I Kissed Dating Goodbye introduced courting to the Millennial generation just in time, before we could actually go on any real dates. The idea of courting wasn’t new; it’s an old-school approach to dating in which relationships are formed with the express purpose and expectation of marriage, and couples are never to be left alone unsupervised. You could still “date” the person before you met at the altar, but the altar was, at the outset, a forgone conclusion.
How we decided a 21-year-old single guy had all the insights and had figured out the best spouse-finding way is beyond me. (I would bore you with the list of my own views that have changed since I was 21. And perhaps reading my works in another 10, 20, or 30 years will be entertaining!) Nevertheless, many Christian Millennials spent their teen years kissing dating goodbye, and nary a date was had unless it was in the presence of at least one set of parents. And with a person who you were definitely intending on marrying.
And so with the I Kissed Dating Goodbye movement, an entire generation forgot—or rather, never learned—how to date like normal people. Or even healthfully interact with the opposite sex.
Christian Millennials who kissed dating goodbye in high school, went to college and began careers, are now looking for love. But we don’t quite know how to go about it, because we never learned how to date. And due in part to the formulaic dating theory and heavy emphasis on marriage that carried the I Kissed Dating Goodbye movement, it has become increasingly difficult to read cues from members of the opposite sex. If I ask her out to coffee, will she think I want to marry her? I don’t even know if I like her yet. Or He called me yesterday to ask about a thing at church; does that mean he likes me?
Like I said—it’s a game. And the rules are always changing.
I Survived I Kissed Dating Goodbye
It sounds like I’ve thrown Joshua Harris under the bus. But we are where we and now Millennials are learning to navigate the dating game. In Harris’ defense, he is currently working on a project in response to the I Kissed Dating Goodbye movement that he unwittingly set in motion. The feedback he received in the years since the book’s release was mixed, to say the least, but it revealed the impact it had on a generation.
“I was 21 and I thought I had all the answers. But today, I’m not so sure,” said Harris in a video about the project. “As the years have gone by, I’ve learned that life is more complicated, more nuanced than a lot of the simple answers that I gave in my book.”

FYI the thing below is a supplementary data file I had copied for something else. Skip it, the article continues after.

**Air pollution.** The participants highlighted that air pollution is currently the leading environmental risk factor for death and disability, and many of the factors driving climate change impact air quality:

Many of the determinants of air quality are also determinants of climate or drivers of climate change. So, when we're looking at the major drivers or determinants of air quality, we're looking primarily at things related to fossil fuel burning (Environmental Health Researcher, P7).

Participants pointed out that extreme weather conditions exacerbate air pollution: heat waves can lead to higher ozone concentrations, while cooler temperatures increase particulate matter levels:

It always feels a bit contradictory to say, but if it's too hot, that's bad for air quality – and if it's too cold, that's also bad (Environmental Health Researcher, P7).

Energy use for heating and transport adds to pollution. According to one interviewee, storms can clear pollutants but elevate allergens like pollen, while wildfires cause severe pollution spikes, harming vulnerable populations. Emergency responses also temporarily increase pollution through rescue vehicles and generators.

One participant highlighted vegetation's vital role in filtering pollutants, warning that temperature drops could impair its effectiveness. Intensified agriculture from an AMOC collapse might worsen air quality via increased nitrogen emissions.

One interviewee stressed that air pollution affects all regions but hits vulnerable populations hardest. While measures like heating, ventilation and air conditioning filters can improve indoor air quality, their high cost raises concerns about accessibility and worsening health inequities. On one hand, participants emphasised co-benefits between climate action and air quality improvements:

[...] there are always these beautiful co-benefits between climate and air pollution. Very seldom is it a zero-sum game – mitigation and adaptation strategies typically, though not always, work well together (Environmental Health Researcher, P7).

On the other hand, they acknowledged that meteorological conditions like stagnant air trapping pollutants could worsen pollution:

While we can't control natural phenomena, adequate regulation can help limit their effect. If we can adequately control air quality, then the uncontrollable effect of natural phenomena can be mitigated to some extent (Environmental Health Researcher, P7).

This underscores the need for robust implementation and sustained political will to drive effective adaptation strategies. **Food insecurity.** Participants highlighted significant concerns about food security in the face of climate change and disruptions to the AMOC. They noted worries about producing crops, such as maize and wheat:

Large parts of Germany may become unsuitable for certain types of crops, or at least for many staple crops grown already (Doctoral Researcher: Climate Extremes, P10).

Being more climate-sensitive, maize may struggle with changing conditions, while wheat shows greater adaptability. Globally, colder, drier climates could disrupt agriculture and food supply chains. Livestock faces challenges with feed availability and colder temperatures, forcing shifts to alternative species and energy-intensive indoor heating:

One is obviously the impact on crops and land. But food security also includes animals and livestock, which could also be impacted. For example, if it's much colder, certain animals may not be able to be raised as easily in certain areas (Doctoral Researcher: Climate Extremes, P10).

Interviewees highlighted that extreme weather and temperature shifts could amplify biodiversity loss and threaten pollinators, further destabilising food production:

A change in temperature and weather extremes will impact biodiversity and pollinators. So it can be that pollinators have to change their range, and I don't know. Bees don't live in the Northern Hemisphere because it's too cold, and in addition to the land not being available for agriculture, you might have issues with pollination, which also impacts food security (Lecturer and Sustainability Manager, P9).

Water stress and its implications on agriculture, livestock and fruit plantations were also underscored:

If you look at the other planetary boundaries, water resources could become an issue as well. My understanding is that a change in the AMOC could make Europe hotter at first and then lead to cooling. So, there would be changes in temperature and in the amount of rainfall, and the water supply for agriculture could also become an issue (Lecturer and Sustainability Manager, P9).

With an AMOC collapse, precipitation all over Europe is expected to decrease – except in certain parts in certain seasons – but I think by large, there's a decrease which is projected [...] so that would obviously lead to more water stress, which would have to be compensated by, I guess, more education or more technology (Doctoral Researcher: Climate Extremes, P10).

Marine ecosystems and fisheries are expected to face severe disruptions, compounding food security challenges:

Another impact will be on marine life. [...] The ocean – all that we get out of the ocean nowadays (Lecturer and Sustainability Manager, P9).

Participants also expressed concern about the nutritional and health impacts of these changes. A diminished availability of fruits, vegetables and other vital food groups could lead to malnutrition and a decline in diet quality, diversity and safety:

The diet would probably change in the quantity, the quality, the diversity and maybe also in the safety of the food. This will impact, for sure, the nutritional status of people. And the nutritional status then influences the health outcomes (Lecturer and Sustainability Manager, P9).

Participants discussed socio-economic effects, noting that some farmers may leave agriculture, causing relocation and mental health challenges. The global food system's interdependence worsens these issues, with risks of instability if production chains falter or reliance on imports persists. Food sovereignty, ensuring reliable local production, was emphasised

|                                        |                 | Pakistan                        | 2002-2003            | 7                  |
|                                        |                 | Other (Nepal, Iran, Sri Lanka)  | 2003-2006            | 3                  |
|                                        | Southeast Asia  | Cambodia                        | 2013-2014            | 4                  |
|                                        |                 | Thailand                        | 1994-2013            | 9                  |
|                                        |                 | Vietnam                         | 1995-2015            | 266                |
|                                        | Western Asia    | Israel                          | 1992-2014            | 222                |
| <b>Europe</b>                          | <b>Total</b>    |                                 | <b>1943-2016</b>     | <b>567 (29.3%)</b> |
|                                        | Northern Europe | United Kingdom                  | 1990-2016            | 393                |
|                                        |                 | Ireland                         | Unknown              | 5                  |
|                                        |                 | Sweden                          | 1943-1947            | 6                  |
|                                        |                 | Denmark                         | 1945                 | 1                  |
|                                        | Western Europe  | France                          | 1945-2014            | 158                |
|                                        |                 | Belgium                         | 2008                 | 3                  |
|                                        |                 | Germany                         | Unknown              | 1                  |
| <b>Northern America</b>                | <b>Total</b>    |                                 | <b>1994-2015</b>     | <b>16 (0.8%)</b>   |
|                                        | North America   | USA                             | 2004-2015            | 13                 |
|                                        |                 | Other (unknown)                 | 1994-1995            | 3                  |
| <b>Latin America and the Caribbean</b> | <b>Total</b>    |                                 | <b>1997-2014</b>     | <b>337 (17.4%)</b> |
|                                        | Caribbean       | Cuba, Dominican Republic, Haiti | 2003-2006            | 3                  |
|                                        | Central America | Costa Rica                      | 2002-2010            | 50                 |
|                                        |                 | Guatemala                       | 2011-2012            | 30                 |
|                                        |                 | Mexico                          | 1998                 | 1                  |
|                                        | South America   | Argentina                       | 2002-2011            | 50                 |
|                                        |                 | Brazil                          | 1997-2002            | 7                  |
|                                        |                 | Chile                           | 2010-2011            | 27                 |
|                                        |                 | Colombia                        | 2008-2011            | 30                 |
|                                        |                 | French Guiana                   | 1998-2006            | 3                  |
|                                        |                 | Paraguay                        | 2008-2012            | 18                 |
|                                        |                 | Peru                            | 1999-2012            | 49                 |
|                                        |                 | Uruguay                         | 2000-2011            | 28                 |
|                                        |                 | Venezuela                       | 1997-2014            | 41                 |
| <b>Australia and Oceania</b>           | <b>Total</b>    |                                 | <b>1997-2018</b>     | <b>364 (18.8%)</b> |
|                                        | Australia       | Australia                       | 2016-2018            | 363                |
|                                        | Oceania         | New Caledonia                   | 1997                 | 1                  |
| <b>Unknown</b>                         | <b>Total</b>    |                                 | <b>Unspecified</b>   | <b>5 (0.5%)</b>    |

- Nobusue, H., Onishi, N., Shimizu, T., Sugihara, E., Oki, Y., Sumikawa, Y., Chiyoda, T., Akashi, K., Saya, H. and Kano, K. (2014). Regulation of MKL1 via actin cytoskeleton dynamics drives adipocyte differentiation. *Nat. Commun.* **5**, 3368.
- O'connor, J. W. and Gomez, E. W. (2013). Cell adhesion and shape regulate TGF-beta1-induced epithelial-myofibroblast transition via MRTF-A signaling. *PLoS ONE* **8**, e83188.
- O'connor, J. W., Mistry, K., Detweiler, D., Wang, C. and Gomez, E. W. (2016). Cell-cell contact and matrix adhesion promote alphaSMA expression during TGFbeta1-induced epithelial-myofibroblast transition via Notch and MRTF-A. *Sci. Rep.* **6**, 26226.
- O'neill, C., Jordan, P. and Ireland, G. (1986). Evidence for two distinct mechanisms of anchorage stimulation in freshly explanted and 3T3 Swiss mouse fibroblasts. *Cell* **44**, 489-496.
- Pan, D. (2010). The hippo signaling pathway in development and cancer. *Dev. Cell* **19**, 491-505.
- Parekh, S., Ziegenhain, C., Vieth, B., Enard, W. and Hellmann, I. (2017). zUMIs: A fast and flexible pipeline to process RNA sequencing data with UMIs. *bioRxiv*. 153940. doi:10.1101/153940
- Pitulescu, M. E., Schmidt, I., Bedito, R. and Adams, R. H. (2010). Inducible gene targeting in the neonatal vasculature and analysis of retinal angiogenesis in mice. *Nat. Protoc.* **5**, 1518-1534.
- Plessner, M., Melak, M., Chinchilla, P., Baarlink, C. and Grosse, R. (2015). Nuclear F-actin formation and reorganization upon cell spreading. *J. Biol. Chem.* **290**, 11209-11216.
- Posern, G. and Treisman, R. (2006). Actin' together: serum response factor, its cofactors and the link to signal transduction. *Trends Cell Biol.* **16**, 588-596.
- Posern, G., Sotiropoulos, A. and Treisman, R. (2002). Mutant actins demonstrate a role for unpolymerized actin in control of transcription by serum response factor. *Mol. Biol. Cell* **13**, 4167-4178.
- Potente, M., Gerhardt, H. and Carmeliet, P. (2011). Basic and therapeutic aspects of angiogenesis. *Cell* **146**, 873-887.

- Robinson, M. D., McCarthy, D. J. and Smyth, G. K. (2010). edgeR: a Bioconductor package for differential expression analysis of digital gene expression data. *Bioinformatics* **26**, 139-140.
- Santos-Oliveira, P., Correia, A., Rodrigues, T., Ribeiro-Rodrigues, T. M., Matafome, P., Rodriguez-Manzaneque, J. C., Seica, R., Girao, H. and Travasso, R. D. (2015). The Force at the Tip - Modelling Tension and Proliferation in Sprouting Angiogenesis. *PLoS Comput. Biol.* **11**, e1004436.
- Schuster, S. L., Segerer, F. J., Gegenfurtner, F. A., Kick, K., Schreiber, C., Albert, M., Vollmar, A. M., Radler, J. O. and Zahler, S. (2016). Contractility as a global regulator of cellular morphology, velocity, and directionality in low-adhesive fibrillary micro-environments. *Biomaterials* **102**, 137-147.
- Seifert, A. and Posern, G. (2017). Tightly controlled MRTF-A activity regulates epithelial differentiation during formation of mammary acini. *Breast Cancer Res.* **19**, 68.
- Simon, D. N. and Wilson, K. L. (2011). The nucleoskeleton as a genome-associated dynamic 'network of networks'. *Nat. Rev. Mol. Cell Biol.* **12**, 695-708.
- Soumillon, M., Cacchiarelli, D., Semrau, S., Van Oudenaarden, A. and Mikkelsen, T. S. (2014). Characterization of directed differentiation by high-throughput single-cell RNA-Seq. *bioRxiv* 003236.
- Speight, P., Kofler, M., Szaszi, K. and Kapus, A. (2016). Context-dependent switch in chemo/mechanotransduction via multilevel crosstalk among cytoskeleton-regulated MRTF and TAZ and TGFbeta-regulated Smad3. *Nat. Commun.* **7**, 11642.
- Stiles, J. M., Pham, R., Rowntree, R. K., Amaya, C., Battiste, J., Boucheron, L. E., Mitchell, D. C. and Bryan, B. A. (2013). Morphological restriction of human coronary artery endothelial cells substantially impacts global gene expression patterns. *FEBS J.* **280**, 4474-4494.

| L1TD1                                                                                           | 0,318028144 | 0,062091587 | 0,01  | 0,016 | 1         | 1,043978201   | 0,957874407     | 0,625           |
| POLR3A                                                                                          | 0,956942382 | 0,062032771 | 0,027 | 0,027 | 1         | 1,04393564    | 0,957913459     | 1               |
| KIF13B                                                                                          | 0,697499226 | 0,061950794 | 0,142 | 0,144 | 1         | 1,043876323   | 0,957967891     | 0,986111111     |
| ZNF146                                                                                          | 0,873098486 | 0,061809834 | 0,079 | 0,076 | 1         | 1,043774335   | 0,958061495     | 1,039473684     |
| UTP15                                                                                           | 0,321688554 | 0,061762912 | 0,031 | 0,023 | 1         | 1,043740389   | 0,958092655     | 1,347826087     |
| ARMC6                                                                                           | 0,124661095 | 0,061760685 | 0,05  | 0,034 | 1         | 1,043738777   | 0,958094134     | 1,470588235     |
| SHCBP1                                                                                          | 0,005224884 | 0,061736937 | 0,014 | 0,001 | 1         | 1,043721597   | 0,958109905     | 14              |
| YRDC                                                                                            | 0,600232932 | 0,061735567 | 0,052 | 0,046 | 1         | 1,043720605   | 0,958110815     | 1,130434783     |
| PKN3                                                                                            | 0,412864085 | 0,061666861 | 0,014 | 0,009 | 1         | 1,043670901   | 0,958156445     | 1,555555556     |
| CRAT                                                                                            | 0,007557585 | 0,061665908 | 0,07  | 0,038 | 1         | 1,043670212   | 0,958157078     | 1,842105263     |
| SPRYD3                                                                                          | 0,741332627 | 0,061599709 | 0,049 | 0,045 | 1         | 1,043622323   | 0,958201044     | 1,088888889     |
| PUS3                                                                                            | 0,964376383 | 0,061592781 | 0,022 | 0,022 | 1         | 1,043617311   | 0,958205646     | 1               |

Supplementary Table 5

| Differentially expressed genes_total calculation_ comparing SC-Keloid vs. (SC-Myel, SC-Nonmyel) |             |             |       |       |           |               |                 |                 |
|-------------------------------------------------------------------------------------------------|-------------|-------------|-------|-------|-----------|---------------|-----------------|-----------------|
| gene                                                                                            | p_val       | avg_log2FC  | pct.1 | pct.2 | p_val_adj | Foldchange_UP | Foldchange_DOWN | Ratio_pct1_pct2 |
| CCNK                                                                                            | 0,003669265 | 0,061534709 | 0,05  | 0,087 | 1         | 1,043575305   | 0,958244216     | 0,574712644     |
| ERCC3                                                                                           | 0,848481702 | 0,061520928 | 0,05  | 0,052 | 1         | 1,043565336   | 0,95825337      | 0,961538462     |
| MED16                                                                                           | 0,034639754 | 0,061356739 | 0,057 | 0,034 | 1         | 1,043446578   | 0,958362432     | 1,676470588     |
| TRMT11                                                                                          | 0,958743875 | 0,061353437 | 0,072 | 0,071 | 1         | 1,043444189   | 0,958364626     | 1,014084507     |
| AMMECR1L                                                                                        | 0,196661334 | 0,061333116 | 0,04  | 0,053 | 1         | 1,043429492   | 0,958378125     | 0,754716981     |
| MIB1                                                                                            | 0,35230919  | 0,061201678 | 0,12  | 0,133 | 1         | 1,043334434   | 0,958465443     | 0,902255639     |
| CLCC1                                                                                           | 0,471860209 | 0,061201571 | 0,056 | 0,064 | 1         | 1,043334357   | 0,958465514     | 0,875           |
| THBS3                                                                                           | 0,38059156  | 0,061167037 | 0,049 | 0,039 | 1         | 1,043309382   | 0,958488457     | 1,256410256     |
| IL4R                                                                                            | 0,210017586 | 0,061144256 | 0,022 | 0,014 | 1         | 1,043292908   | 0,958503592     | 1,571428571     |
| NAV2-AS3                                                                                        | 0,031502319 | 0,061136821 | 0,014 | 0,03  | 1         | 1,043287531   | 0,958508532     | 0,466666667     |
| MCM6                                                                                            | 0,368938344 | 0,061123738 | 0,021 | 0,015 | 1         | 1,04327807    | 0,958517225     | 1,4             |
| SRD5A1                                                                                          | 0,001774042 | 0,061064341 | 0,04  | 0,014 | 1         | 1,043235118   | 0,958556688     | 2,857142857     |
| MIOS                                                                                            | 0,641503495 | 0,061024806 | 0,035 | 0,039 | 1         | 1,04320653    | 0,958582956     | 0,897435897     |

His new project is called “I SURVIVED I Kissed Dating Goodbye,” and Harris wants it to be a resource for churches and a look into his journey of his changing views.
I want to cheer Joshua Harris on this. Imagine becoming a best-selling author at the age of 21, powered by “youth, zeal, certainty, and ambition,” as Harris says in his TED talk that he was. You become known for an entire movement for an entire generation of an entire subculture. But 20 years later, you don’t even believe the message your movement spread. But instead of shrinking into the shadows and disappearing into obscurity, Joshua Harris is going public with his changing viewpoints. That takes courage. Well done, Joshua.
Harris’ dilemma is a picture of the uncertainty of 21st century dating. It’s not cut-and-dried like we want it to be. Going about relationships and dating and healthy interactions between the sexes in a way that honors God is harder than it looks. The social rules (guidelines?) are different than they were a generation—even a decade—ago.
Combine the lack of clarity in social interactions with the fear of divorce (more on that here) and the college-and-career push, Millennials are on a long and winding path toward marriage.
We’re trying to figure it out.
How You Can Help
If you’re a Boomer or an Xer who’s married or has been married, your dating season likely looked much different. It certainly had its own quirks and challenges, and I’m not comparing the two to claim any worse hardship. It’s just different. And I hope this helps you understand where we are. Thank you for caring about us. We don’t mind talking about this weirdness with you, but it’s difficult to explain across the generations. So thank you for your patience while we figure it out and for remembering that we are more than our relationship status.
If you’re a Millennial, hang in there. We’re all in this together. Remember you are more than your relationship status or online profile. But you’re also made for community and relationships with lots of different people. So keep learning, making friends, being part of your community and trusting God with the rest. Oh, and have grace when your aunt asks if you’re seeing anybody yet. She’s only asking because she wants you to be happy. (Then move on and tell her other good things happening with you. That usually helps.)
God’s Good Work
About ten years ago, Hollywood rebooted The Dating Game show and raised the stakes; contestants vied for not just a first date, but a marriage proposal. The season-long contestants provide some laughable entertainment, but beyond that, The Bachelor/Bachelorette doesn’t have a great track record for marriage, either. Only a fraction of The Bachelor/Bachelorette couples married and are still together.
The good news is, God’s track record is 1,000%. He knows me better than I know myself. And he knows how and when the dating game is going to end for me. And He doesn’t need any psychedelic flowers or groovy music or reality TV to make anything happen. Thank goodness.